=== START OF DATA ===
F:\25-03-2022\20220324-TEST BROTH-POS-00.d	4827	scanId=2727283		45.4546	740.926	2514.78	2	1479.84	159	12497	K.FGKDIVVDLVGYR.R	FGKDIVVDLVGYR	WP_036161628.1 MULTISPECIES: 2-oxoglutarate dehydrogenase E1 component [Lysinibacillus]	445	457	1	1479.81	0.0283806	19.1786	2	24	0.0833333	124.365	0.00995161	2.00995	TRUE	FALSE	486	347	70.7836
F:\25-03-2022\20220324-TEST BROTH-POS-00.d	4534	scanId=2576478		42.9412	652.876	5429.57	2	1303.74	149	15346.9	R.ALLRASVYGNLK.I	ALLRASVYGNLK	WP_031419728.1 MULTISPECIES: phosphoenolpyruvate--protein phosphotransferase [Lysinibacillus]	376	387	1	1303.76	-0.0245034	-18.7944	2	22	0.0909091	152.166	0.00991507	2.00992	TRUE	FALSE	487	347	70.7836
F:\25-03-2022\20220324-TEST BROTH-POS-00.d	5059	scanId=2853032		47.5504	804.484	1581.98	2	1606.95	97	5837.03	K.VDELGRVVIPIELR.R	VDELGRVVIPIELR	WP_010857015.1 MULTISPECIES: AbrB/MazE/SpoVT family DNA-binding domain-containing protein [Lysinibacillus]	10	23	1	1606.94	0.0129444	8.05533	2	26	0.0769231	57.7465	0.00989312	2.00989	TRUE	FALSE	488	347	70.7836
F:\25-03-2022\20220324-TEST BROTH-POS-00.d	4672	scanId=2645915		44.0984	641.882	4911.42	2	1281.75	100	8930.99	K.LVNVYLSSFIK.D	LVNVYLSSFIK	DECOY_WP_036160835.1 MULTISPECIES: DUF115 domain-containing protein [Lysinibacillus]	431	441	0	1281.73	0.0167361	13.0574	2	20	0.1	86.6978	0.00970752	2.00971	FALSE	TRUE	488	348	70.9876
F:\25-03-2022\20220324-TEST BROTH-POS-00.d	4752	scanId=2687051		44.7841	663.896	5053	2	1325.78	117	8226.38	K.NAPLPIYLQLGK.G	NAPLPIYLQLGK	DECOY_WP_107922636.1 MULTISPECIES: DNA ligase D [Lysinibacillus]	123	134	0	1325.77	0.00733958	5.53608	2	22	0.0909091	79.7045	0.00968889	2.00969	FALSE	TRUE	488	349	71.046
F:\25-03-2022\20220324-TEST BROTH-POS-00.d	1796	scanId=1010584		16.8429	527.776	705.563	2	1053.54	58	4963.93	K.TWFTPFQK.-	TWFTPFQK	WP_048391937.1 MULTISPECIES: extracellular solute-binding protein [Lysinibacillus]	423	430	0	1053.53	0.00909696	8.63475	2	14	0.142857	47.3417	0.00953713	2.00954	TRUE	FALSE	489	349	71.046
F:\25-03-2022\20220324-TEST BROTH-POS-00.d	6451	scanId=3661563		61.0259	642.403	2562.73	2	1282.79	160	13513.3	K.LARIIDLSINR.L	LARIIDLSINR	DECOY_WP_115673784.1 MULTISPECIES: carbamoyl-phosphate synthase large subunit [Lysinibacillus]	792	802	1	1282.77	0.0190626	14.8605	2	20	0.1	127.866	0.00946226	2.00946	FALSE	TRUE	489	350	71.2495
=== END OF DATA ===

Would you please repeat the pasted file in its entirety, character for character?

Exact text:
F:\25-03-2022\20220324-TEST BROTH-POS-00.d	4827	scanId=2727283		45.4546	740.926	2514.78	2	1479.84	159	12497	K.FGKDIVVDLVGYR.R	FGKDIVVDLVGYR	WP_036161628.1 MULTISPECIES: 2-oxoglutarate dehydrogenase E1 component [Lysinibacillus]	445	457	1	1479.81	0.0283806	19.1786	2	24	0.0833333	124.365	0.00995161	2.00995	TRUE	FALSE	486	347	70.7836
F:\25-03-2022\20220324-TEST BROTH-POS-00.d	4534	scanId=2576478		42.9412	652.876	5429.57	2	1303.74	149	15346.9	R.ALLRASVYGNLK.I	ALLRASVYGNLK	WP_031419728.1 MULTISPECIES: phosphoenolpyruvate--protein phosphotransferase [Lysinibacillus]	376	387	1	1303.76	-0.0245034	-18.7944	2	22	0.0909091	152.166	0.00991507	2.00992	TRUE	FALSE	487	347	70.7836
F:\25-03-2022\20220324-TEST BROTH-POS-00.d	5059	scanId=2853032		47.5504	804.484	1581.98	2	1606.95	97	5837.03	K.VDELGRVVIPIELR.R	VDELGRVVIPIELR	WP_010857015.1 MULTISPECIES: AbrB/MazE/SpoVT family DNA-binding domain-containing protein [Lysinibacillus]	10	23	1	1606.94	0.0129444	8.05533	2	26	0.0769231	57.7465	0.00989312	2.00989	TRUE	FALSE	488	347	70.7836
F:\25-03-2022\20220324-TEST BROTH-POS-00.d	4672	scanId=2645915		44.0984	641.882	4911.42	2	1281.75	100	8930.99	K.LVNVYLSSFIK.D	LVNVYLSSFIK	DECOY_WP_036160835.1 MULTISPECIES: DUF115 domain-containing protein [Lysinibacillus]	431	441	0	1281.73	0.0167361	13.0574	2	20	0.1	86.6978	0.00970752	2.00971	FALSE	TRUE	488	348	70.9876
F:\25-03-2022\20220324-TEST BROTH-POS-00.d	4752	scanId=2687051		44.7841	663.896	5053	2	1325.78	117	8226.38	K.NAPLPIYLQLGK.G	NAPLPIYLQLGK	DECOY_WP_107922636.1 MULTISPECIES: DNA ligase D [Lysinibacillus]	123	134	0	1325.77	0.00733958	5.53608	2	22	0.0909091	79.7045	0.00968889	2.00969	FALSE	TRUE	488	349	71.046
F:\25-03-2022\20220324-TEST BROTH-POS-00.d	1796	scanId=1010584		16.8429	527.776	705.563	2	1053.54	58	4963.93	K.TWFTPFQK.-	TWFTPFQK	WP_048391937.1 MULTISPECIES: extracellular solute-binding protein [Lysinibacillus]	423	430	0	1053.53	0.00909696	8.63475	2	14	0.142857	47.3417	0.00953713	2.00954	TRUE	FALSE	489	349	71.046
F:\25-03-2022\20220324-TEST BROTH-POS-00.d	6451	scanId=3661563		61.0259	642.403	2562.73	2	1282.79	160	13513.3	K.LARIIDLSINR.L	LARIIDLSINR	DECOY_WP_115673784.1 MULTISPECIES: carbamoyl-phosphate synthase large subunit [Lysinibacillus]	792	802	1	1282.77	0.0190626	14.8605	2	20	0.1	127.866	0.00946226	2.00946	FALSE	TRUE	489	350	71.2495